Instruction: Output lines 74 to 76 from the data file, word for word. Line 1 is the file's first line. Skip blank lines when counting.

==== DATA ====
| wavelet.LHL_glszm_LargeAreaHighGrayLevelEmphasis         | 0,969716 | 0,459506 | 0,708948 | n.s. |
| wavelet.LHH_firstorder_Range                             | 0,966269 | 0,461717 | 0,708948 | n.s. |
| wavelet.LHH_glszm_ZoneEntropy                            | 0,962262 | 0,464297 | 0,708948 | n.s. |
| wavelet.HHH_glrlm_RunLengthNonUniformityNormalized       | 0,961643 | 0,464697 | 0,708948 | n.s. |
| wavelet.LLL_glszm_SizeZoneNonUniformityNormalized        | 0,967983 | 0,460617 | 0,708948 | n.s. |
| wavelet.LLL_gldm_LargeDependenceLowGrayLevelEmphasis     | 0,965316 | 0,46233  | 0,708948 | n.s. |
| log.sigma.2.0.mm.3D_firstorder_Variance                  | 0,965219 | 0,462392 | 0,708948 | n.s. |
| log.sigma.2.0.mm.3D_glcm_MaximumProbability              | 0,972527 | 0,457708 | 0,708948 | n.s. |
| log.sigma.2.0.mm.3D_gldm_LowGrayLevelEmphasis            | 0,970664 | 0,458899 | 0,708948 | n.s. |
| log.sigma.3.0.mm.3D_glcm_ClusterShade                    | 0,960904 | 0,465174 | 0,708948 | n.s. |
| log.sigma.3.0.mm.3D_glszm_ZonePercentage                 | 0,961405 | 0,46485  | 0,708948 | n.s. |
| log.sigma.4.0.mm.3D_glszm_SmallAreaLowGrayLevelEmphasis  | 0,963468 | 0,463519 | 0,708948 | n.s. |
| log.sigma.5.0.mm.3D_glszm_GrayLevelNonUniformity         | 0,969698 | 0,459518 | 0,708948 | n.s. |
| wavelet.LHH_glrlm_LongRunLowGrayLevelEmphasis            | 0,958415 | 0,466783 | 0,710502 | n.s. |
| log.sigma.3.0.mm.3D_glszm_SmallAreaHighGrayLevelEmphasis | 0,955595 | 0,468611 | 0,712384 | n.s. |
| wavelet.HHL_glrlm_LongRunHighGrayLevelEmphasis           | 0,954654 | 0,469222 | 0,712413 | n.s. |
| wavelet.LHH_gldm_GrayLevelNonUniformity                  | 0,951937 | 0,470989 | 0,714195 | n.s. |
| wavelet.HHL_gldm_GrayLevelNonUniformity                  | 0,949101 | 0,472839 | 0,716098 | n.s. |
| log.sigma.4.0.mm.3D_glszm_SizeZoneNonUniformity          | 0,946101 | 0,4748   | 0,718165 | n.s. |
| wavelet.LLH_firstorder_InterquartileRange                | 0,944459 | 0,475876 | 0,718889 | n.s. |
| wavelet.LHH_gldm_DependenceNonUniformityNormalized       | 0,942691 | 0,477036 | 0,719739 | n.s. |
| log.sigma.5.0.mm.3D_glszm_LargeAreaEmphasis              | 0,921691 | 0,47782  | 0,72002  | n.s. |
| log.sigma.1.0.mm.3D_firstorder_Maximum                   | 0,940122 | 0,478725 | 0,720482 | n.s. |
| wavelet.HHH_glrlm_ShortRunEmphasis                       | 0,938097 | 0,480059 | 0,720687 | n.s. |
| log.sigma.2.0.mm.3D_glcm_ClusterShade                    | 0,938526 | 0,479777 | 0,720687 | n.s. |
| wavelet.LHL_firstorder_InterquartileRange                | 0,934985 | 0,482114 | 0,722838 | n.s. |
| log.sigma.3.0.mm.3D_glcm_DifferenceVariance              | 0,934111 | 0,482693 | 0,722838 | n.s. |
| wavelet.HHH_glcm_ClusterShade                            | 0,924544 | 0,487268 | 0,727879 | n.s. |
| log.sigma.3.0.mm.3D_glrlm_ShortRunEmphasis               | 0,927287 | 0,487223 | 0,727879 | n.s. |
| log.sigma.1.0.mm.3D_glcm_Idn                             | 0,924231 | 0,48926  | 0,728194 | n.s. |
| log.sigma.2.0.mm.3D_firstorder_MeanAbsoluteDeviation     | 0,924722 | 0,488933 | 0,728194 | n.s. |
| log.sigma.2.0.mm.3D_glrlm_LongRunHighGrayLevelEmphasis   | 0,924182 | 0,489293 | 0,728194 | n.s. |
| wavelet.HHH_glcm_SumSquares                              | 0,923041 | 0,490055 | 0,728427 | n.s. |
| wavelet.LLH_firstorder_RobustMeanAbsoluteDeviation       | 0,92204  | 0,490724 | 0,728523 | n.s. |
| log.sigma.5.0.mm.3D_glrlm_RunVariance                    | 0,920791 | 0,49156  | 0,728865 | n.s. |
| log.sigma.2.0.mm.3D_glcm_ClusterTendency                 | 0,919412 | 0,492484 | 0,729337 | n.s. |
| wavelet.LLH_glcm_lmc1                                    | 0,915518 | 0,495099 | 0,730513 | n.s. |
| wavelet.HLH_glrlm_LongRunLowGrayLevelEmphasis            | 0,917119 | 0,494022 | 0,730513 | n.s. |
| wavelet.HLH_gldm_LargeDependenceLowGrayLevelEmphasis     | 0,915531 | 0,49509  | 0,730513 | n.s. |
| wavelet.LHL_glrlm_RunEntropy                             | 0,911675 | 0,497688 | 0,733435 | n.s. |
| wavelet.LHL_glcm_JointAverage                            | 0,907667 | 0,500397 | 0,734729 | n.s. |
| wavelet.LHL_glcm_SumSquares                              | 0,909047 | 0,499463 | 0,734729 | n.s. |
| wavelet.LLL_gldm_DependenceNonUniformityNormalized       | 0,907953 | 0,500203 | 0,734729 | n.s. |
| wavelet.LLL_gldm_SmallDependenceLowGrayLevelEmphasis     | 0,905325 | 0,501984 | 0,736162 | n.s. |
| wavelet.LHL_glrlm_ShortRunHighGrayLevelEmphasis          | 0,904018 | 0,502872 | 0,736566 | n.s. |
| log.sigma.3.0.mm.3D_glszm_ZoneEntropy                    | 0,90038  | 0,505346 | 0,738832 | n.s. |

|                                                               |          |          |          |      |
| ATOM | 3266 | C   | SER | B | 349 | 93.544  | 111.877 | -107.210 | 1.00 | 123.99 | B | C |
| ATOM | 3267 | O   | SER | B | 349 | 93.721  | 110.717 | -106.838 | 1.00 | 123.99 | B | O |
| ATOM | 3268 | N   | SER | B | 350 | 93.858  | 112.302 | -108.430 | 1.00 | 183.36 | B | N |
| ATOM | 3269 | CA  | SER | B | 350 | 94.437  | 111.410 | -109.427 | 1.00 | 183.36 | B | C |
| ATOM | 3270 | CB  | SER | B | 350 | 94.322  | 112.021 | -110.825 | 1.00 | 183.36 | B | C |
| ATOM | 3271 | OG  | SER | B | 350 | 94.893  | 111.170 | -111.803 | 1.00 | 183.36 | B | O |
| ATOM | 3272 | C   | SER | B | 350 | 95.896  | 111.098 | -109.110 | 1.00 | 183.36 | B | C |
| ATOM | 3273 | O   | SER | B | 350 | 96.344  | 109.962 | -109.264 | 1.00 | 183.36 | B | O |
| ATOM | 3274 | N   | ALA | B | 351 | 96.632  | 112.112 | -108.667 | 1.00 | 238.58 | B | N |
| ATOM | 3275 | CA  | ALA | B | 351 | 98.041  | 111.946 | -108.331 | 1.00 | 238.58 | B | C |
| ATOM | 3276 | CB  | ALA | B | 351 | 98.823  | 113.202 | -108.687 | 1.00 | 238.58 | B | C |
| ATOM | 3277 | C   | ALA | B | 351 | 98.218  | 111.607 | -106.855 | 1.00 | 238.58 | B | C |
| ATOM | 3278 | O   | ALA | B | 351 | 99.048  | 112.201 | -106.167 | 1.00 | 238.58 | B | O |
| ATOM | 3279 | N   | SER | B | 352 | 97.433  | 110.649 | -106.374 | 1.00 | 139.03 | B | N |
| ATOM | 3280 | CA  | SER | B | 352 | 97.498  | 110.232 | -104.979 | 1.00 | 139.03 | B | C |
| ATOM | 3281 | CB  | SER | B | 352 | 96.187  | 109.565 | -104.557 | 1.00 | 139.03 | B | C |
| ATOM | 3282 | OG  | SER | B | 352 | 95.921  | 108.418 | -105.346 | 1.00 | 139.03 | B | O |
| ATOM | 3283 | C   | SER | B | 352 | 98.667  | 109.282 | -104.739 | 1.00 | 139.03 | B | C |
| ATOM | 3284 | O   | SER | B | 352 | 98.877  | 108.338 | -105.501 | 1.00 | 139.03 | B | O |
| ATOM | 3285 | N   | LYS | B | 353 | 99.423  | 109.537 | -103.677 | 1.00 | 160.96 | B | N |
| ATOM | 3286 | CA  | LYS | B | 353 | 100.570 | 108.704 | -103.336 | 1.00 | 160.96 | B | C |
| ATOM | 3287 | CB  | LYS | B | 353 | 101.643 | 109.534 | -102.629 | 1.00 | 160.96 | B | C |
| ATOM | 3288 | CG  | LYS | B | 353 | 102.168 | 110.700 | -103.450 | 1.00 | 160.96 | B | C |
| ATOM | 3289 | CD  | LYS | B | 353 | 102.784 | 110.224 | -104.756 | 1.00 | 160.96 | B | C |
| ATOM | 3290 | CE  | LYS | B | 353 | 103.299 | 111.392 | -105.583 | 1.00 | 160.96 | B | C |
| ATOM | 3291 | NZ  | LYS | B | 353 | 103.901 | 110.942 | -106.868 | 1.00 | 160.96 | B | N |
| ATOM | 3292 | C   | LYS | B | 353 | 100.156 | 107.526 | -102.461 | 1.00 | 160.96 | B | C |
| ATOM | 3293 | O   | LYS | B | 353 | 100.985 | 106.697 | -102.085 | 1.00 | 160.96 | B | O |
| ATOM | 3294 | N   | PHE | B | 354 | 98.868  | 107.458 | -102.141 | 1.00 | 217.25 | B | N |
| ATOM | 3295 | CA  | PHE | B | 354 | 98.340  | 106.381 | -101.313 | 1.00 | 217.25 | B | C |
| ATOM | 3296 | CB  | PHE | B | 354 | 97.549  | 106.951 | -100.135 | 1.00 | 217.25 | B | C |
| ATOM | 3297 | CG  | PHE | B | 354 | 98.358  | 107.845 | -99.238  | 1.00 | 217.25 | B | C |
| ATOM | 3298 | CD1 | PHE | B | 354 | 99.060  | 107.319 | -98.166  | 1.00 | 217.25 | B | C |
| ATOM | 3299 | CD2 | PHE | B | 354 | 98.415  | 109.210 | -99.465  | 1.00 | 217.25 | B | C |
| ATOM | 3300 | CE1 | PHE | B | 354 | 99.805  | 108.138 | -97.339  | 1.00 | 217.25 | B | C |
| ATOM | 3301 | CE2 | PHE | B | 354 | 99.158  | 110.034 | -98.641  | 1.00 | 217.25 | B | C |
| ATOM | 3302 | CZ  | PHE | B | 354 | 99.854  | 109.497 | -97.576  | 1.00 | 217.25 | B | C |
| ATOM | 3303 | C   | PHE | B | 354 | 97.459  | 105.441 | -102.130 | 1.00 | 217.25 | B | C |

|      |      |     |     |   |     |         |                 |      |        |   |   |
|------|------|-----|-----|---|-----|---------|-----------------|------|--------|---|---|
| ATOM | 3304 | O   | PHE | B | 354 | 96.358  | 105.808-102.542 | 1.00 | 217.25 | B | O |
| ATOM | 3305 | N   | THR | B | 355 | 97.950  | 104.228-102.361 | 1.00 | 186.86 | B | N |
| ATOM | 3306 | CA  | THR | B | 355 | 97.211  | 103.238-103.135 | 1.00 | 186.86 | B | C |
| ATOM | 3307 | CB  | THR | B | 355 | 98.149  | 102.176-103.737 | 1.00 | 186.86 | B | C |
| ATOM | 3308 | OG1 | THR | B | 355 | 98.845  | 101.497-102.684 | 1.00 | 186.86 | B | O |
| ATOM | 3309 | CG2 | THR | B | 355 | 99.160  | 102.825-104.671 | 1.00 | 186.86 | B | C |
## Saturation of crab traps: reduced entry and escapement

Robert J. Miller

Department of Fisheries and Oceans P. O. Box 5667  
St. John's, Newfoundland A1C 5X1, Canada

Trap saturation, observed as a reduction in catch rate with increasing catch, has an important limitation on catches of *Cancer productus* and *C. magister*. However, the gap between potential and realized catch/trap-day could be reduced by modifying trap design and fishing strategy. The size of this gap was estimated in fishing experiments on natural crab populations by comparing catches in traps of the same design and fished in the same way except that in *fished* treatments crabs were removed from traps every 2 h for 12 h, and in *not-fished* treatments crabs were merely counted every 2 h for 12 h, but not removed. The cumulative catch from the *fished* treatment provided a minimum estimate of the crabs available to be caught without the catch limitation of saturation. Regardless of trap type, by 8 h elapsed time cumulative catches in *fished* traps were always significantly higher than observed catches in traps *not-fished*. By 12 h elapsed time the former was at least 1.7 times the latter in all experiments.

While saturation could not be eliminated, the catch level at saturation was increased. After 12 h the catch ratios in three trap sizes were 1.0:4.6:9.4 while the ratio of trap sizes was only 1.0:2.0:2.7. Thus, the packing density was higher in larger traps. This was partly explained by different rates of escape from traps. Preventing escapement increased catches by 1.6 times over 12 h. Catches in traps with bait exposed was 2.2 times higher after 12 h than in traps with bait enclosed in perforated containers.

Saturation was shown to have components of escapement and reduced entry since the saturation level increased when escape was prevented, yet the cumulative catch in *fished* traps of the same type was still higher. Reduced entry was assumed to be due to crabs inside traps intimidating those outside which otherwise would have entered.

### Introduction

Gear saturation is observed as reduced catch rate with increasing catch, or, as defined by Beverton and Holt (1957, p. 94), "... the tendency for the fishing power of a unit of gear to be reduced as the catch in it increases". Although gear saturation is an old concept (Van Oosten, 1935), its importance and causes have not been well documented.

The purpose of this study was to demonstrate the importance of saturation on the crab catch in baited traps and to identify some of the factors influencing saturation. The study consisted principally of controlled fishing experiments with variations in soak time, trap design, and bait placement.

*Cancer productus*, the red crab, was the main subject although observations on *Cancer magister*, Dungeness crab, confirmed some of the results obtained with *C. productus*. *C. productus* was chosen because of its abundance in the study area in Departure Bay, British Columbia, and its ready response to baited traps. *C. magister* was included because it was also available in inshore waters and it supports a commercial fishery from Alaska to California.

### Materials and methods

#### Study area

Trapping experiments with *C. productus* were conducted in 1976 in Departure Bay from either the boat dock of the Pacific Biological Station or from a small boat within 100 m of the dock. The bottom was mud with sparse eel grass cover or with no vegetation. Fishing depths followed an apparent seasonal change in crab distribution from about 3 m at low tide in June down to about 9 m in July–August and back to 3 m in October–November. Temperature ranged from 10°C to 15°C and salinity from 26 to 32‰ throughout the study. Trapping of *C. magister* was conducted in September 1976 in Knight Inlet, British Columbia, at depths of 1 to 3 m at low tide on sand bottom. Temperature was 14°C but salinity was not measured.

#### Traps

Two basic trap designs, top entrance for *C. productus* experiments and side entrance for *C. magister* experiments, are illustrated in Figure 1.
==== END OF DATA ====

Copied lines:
| ATOM | 3292 | C   | LYS | B | 353 | 100.156 | 107.526 | -102.461 | 1.00 | 160.96 | B | C |
| ATOM | 3293 | O   | LYS | B | 353 | 100.985 | 106.697 | -102.085 | 1.00 | 160.96 | B | O |
| ATOM | 3294 | N   | PHE | B | 354 | 98.868  | 107.458 | -102.141 | 1.00 | 217.25 | B | N |